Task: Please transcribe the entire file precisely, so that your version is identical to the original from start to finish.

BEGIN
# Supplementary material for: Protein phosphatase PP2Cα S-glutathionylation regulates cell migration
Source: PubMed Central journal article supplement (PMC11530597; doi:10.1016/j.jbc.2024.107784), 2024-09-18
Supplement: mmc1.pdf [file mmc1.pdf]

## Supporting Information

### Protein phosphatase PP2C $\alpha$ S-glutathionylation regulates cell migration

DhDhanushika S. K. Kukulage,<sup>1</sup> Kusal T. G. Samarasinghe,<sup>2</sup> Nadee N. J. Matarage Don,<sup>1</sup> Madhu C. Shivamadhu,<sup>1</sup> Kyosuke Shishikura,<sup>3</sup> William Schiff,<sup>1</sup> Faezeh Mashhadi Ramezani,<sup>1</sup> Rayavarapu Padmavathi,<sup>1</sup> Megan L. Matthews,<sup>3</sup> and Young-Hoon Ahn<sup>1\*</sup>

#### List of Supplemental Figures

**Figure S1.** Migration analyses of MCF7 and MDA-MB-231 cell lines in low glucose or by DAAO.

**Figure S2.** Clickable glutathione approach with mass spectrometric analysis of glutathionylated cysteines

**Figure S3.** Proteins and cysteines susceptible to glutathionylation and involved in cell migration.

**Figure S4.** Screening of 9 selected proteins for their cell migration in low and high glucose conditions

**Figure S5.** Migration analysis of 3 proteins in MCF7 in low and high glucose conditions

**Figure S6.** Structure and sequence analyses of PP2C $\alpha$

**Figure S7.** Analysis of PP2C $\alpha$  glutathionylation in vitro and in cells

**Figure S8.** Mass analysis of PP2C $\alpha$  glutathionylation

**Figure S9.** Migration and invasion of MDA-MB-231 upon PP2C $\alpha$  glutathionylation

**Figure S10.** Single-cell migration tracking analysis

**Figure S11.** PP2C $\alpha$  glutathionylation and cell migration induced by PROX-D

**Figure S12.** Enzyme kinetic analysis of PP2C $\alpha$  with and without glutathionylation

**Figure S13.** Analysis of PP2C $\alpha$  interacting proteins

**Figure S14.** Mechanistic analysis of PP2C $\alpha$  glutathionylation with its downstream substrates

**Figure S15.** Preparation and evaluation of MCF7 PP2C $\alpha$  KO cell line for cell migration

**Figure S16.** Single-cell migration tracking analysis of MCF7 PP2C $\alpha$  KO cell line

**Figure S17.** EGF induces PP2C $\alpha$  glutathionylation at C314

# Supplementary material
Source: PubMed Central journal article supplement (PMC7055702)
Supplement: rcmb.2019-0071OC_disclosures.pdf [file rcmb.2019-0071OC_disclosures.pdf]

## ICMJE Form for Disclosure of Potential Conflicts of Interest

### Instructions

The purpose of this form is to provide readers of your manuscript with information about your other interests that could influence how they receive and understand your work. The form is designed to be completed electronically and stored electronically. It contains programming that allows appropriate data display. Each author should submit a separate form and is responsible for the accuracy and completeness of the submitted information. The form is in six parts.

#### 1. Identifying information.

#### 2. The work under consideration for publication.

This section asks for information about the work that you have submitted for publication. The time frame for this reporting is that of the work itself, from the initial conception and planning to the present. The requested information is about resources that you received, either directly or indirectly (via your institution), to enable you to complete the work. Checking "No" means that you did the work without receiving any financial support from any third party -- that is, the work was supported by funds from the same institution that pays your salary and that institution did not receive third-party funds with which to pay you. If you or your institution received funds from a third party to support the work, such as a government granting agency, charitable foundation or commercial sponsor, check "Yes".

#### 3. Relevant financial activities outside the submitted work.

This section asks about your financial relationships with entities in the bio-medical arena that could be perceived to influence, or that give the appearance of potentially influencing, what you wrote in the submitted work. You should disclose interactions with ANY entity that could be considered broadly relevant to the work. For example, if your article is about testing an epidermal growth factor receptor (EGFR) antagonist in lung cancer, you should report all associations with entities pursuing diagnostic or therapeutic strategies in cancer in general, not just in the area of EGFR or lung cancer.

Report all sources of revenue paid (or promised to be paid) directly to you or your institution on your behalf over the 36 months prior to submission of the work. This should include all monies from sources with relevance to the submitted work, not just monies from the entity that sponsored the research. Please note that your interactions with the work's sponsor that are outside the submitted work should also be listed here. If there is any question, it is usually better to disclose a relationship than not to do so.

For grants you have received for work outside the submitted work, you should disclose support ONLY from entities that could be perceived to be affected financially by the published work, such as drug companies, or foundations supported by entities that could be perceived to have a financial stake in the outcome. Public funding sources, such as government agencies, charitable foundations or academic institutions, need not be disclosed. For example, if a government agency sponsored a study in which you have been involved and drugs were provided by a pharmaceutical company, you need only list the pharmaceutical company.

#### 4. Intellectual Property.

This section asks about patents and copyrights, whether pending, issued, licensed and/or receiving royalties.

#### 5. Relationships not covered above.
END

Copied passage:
# Supplementary material for: Protein phosphatase PP2Cα S-glutathionylation regulates cell migration
Source: PubMed Central journal article supplement (PMC11530597; doi:10.1016/j.jbc.2024.107784), 2024-09-18
Supplement: mmc1.pdf [file mmc1.pdf]

## Supporting Information

### Protein phosphatase PP2C $\alpha$ S-glutathionylation regulates cell migration

DhDhanushika S. K. Kukulage,<sup>1</sup> Kusal T. G. Samarasinghe,<sup>2</sup> Nadee N. J. Matarage Don,<sup>1</sup> Madhu C. Shivamadhu,<sup>1</sup> Kyosuke Shishikura,<sup>3</sup> William Schiff,<sup>1</sup> Faezeh Mashhadi Ramezani,<sup>1</sup> Rayavarapu Padmavathi,<sup>1</sup> Megan L. Matthews,<sup>3</sup> and Young-Hoon Ahn<sup>1\*</sup>

#### List of Supplemental Figures

**Figure S1.** Migration analyses of MCF7 and MDA-MB-231 cell lines in low glucose or by DAAO.

**Figure S2.** Clickable glutathione approach with mass spectrometric analysis of glutathionylated cysteines

**Figure S3.** Proteins and cysteines susceptible to glutathionylation and involved in cell migration.

**Figure S4.** Screening of 9 selected proteins for their cell migration in low and high glucose conditions

**Figure S5.** Migration analysis of 3 proteins in MCF7 in low and high glucose conditions

**Figure S6.** Structure and sequence analyses of PP2C $\alpha$

**Figure S7.** Analysis of PP2C $\alpha$  glutathionylation in vitro and in cells

**Figure S8.** Mass analysis of PP2C $\alpha$  glutathionylation

**Figure S9.** Migration and invasion of MDA-MB-231 upon PP2C $\alpha$  glutathionylation

**Figure S10.** Single-cell migration tracking analysis

**Figure S11.** PP2C $\alpha$  glutathionylation and cell migration induced by PROX-D

**Figure S12.** Enzyme kinetic analysis of PP2C $\alpha$  with and without glutathionylation

**Figure S13.** Analysis of PP2C $\alpha$  interacting proteins

**Figure S14.** Mechanistic analysis of PP2C $\alpha$  glutathionylation with its downstream substrates

**Figure S15.** Preparation and evaluation of MCF7 PP2C $\alpha$  KO cell line for cell migration

**Figure S16.** Single-cell migration tracking analysis of MCF7 PP2C $\alpha$  KO cell line

**Figure S17.** EGF induces PP2C $\alpha$  glutathionylation at C314

# Supplementary material
Source: PubMed Central journal article supplement (PMC7055702)
Supplement: rcmb.2019-0071OC_disclosures.pdf [file rcmb.2019-0071OC_disclosures.pdf]

## ICMJE Form for Disclosure of Potential Conflicts of Interest

### Instructions

The purpose of this form is to provide readers of your manuscript with information about your other interests that could influence how they receive and understand your work. The form is designed to be completed electronically and stored electronically. It contains programming that allows appropriate data display. Each author should submit a separate form and is responsible for the accuracy and completeness of the submitted information. The form is in six parts.

#### 1. Identifying information.

#### 2. The work under consideration for publication.

This section asks for information about the work that you have submitted for publication. The time frame for this reporting is that of the work itself, from the initial conception and planning to the present. The requested information is about resources that you received, either directly or indirectly (via your institution), to enable you to complete the work. Checking "No" means that you did the work without receiving any financial support from any third party -- that is, the work was supported by funds from the same institution that pays your salary and that institution did not receive third-party funds with which to pay you. If you or your institution received funds from a third party to support the work, such as a government granting agency, charitable foundation or commercial sponsor, check "Yes".

#### 3. Relevant financial activities outside the submitted work.

This section asks about your financial relationships with entities in the bio-medical arena that could be perceived to influence, or that give the appearance of potentially influencing, what you wrote in the submitted work. You should disclose interactions with ANY entity that could be considered broadly relevant to the work. For example, if your article is about testing an epidermal growth factor receptor (EGFR) antagonist in lung cancer, you should report all associations with entities pursuing diagnostic or therapeutic strategies in cancer in general, not just in the area of EGFR or lung cancer.

Report all sources of revenue paid (or promised to be paid) directly to you or your institution on your behalf over the 36 months prior to submission of the work. This should include all monies from sources with relevance to the submitted work, not just monies from the entity that sponsored the research. Please note that your interactions with the work's sponsor that are outside the submitted work should also be listed here. If there is any question, it is usually better to disclose a relationship than not to do so.

For grants you have received for work outside the submitted work, you should disclose support ONLY from entities that could be perceived to be affected financially by the published work, such as drug companies, or foundations supported by entities that could be perceived to have a financial stake in the outcome. Public funding sources, such as government agencies, charitable foundations or academic institutions, need not be disclosed. For example, if a government agency sponsored a study in which you have been involved and drugs were provided by a pharmaceutical company, you need only list the pharmaceutical company.

#### 4. Intellectual Property.

This section asks about patents and copyrights, whether pending, issued, licensed and/or receiving royalties.

#### 5. Relationships not covered above.